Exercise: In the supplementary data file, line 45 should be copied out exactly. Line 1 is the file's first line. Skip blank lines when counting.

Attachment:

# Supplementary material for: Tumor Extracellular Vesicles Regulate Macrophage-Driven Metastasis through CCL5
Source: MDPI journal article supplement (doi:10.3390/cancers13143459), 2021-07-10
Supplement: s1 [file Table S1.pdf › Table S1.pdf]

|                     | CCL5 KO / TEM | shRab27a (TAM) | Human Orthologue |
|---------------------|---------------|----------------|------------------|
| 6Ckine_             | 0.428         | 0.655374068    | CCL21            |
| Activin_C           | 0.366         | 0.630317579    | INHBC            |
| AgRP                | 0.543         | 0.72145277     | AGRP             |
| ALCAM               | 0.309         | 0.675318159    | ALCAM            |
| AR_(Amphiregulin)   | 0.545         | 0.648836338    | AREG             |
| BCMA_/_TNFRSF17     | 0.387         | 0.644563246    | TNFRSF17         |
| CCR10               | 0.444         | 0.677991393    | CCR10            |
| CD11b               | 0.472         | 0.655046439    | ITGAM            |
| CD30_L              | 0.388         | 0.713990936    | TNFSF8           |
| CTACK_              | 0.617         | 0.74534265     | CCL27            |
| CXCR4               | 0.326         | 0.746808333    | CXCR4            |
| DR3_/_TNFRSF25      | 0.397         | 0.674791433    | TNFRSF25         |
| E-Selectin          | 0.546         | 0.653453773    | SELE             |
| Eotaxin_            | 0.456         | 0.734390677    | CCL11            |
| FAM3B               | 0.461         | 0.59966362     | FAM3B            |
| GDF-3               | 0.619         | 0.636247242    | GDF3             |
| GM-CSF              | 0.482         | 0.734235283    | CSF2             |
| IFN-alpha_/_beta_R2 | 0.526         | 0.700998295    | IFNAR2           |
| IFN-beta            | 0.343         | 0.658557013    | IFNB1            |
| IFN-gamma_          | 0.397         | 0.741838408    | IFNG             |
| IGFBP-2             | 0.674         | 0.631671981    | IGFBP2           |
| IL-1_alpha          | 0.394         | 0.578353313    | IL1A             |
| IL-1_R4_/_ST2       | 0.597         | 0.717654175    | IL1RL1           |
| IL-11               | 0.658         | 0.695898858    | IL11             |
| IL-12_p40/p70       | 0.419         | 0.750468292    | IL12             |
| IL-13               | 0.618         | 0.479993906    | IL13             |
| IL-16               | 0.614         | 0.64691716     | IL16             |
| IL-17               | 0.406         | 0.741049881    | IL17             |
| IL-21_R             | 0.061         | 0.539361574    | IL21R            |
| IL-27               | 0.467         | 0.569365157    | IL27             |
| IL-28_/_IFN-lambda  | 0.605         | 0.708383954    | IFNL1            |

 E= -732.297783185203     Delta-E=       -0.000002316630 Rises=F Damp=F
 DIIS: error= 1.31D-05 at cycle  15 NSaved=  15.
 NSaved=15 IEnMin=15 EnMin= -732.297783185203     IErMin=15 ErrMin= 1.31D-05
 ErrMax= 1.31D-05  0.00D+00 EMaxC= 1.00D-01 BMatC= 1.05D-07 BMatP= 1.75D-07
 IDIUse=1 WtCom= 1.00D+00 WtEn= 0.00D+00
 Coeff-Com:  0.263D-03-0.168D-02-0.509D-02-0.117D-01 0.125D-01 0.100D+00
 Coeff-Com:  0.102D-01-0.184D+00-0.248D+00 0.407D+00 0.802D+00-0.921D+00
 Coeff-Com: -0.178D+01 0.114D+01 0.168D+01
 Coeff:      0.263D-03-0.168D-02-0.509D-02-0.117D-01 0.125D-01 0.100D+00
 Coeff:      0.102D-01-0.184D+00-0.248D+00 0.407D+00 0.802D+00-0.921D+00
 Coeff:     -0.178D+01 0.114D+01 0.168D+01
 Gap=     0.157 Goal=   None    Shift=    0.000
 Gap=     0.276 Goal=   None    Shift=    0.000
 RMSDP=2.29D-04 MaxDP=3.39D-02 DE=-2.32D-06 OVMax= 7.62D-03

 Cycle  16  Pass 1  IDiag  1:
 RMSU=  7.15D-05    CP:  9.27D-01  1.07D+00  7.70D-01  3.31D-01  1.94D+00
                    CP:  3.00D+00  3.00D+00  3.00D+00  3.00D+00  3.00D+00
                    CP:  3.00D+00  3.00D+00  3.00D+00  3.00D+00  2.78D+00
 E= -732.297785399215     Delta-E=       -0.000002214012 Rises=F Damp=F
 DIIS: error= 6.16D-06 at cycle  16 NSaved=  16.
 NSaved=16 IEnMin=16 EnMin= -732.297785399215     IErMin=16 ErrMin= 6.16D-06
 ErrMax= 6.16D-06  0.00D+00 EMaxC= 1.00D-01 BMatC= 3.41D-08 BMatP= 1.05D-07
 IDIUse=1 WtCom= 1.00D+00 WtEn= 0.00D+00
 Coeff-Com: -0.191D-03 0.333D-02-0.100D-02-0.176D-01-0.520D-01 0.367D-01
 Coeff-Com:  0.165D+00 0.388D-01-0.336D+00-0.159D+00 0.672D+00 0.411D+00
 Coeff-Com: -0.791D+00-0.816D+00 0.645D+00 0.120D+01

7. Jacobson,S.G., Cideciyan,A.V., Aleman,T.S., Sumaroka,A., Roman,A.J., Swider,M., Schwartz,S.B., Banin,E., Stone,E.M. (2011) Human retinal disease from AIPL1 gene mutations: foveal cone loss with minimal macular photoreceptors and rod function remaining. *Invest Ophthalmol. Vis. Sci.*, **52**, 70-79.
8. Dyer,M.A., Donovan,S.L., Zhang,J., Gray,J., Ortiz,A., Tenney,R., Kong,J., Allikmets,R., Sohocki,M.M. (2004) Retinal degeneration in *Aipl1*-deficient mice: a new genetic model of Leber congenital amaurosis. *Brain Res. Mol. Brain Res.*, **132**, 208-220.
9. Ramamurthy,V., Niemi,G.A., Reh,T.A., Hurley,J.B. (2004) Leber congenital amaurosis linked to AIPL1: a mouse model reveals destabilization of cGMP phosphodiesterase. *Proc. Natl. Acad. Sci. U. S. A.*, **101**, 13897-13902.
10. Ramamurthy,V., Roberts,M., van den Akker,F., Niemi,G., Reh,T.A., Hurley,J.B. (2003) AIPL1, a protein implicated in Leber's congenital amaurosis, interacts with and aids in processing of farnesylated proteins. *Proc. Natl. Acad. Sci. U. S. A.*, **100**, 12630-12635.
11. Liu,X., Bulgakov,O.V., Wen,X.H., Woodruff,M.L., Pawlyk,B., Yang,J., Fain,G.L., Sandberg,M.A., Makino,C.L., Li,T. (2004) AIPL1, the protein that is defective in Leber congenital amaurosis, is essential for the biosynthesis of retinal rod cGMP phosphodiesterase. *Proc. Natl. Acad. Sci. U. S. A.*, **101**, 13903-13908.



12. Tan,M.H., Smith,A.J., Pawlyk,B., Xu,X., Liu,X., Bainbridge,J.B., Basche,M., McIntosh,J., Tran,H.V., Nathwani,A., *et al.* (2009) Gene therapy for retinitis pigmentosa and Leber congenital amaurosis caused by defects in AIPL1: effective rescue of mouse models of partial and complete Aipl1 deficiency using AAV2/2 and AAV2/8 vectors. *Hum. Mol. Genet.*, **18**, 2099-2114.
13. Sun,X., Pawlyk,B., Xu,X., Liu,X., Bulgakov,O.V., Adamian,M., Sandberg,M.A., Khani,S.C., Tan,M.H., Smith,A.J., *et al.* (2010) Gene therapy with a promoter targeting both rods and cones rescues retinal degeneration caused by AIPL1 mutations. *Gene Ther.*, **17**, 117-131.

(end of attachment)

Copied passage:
 Coeff:      0.263D-03-0.168D-02-0.509D-02-0.117D-01 0.125D-01 0.100D+00